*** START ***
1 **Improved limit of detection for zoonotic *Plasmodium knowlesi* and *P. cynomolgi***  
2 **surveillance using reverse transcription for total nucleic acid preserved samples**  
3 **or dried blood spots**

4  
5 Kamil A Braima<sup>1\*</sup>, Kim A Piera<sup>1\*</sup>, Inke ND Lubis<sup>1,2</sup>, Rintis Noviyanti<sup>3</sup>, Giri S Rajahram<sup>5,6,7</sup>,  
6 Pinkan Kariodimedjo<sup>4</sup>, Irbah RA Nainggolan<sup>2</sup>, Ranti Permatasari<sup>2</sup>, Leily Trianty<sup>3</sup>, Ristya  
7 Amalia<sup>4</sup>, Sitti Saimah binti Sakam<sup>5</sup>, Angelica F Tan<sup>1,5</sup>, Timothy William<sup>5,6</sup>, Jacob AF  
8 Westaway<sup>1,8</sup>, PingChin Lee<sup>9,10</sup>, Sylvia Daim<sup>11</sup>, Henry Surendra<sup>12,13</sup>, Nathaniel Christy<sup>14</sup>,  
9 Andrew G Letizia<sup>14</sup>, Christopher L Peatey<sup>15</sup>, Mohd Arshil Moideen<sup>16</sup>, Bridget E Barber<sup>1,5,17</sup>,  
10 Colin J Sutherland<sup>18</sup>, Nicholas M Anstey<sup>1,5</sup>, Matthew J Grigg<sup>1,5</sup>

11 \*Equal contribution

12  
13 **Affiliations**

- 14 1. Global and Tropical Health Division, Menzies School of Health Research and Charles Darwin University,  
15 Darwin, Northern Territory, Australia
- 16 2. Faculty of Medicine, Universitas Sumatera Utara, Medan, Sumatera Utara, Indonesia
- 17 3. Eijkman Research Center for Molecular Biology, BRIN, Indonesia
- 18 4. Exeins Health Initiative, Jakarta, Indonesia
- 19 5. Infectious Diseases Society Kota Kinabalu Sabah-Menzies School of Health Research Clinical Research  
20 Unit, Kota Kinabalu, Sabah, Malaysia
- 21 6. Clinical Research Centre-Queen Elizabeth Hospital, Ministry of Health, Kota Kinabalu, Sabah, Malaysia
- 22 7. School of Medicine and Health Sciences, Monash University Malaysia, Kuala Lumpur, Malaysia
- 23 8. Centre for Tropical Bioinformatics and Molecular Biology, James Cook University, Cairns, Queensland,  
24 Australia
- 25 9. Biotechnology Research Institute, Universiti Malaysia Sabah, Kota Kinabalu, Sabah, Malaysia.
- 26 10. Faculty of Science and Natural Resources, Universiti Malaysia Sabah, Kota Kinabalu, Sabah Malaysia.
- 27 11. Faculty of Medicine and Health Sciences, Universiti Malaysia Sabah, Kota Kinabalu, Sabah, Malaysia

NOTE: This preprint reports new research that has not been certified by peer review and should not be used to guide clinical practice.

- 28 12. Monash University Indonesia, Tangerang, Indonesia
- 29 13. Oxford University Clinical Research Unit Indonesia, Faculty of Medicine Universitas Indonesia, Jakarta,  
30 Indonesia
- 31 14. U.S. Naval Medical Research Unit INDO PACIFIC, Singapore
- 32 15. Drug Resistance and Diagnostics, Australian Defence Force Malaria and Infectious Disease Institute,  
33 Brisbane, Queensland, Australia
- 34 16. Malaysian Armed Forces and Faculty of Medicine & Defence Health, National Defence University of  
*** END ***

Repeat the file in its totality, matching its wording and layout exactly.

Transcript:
1 **Improved limit of detection for zoonotic *Plasmodium knowlesi* and *P. cynomolgi***  
2 **surveillance using reverse transcription for total nucleic acid preserved samples**  
3 **or dried blood spots**

4  
5 Kamil A Braima<sup>1\*</sup>, Kim A Piera<sup>1\*</sup>, Inke ND Lubis<sup>1,2</sup>, Rintis Noviyanti<sup>3</sup>, Giri S Rajahram<sup>5,6,7</sup>,  
6 Pinkan Kariodimedjo<sup>4</sup>, Irbah RA Nainggolan<sup>2</sup>, Ranti Permatasari<sup>2</sup>, Leily Trianty<sup>3</sup>, Ristya  
7 Amalia<sup>4</sup>, Sitti Saimah binti Sakam<sup>5</sup>, Angelica F Tan<sup>1,5</sup>, Timothy William<sup>5,6</sup>, Jacob AF  
8 Westaway<sup>1,8</sup>, PingChin Lee<sup>9,10</sup>, Sylvia Daim<sup>11</sup>, Henry Surendra<sup>12,13</sup>, Nathaniel Christy<sup>14</sup>,  
9 Andrew G Letizia<sup>14</sup>, Christopher L Peatey<sup>15</sup>, Mohd Arshil Moideen<sup>16</sup>, Bridget E Barber<sup>1,5,17</sup>,  
10 Colin J Sutherland<sup>18</sup>, Nicholas M Anstey<sup>1,5</sup>, Matthew J Grigg<sup>1,5</sup>

11 \*Equal contribution

12  
13 **Affiliations**

- 14 1. Global and Tropical Health Division, Menzies School of Health Research and Charles Darwin University,  
15 Darwin, Northern Territory, Australia
- 16 2. Faculty of Medicine, Universitas Sumatera Utara, Medan, Sumatera Utara, Indonesia
- 17 3. Eijkman Research Center for Molecular Biology, BRIN, Indonesia
- 18 4. Exeins Health Initiative, Jakarta, Indonesia
- 19 5. Infectious Diseases Society Kota Kinabalu Sabah-Menzies School of Health Research Clinical Research  
20 Unit, Kota Kinabalu, Sabah, Malaysia
- 21 6. Clinical Research Centre-Queen Elizabeth Hospital, Ministry of Health, Kota Kinabalu, Sabah, Malaysia
- 22 7. School of Medicine and Health Sciences, Monash University Malaysia, Kuala Lumpur, Malaysia
- 23 8. Centre for Tropical Bioinformatics and Molecular Biology, James Cook University, Cairns, Queensland,  
24 Australia
- 25 9. Biotechnology Research Institute, Universiti Malaysia Sabah, Kota Kinabalu, Sabah, Malaysia.
- 26 10. Faculty of Science and Natural Resources, Universiti Malaysia Sabah, Kota Kinabalu, Sabah Malaysia.
- 27 11. Faculty of Medicine and Health Sciences, Universiti Malaysia Sabah, Kota Kinabalu, Sabah, Malaysia

NOTE: This preprint reports new research that has not been certified by peer review and should not be used to guide clinical practice.

- 28 12. Monash University Indonesia, Tangerang, Indonesia
- 29 13. Oxford University Clinical Research Unit Indonesia, Faculty of Medicine Universitas Indonesia, Jakarta,  
30 Indonesia
- 31 14. U.S. Naval Medical Research Unit INDO PACIFIC, Singapore
- 32 15. Drug Resistance and Diagnostics, Australian Defence Force Malaria and Infectious Disease Institute,  
33 Brisbane, Queensland, Australia
- 34 16. Malaysian Armed Forces and Faculty of Medicine & Defence Health, National Defence University of  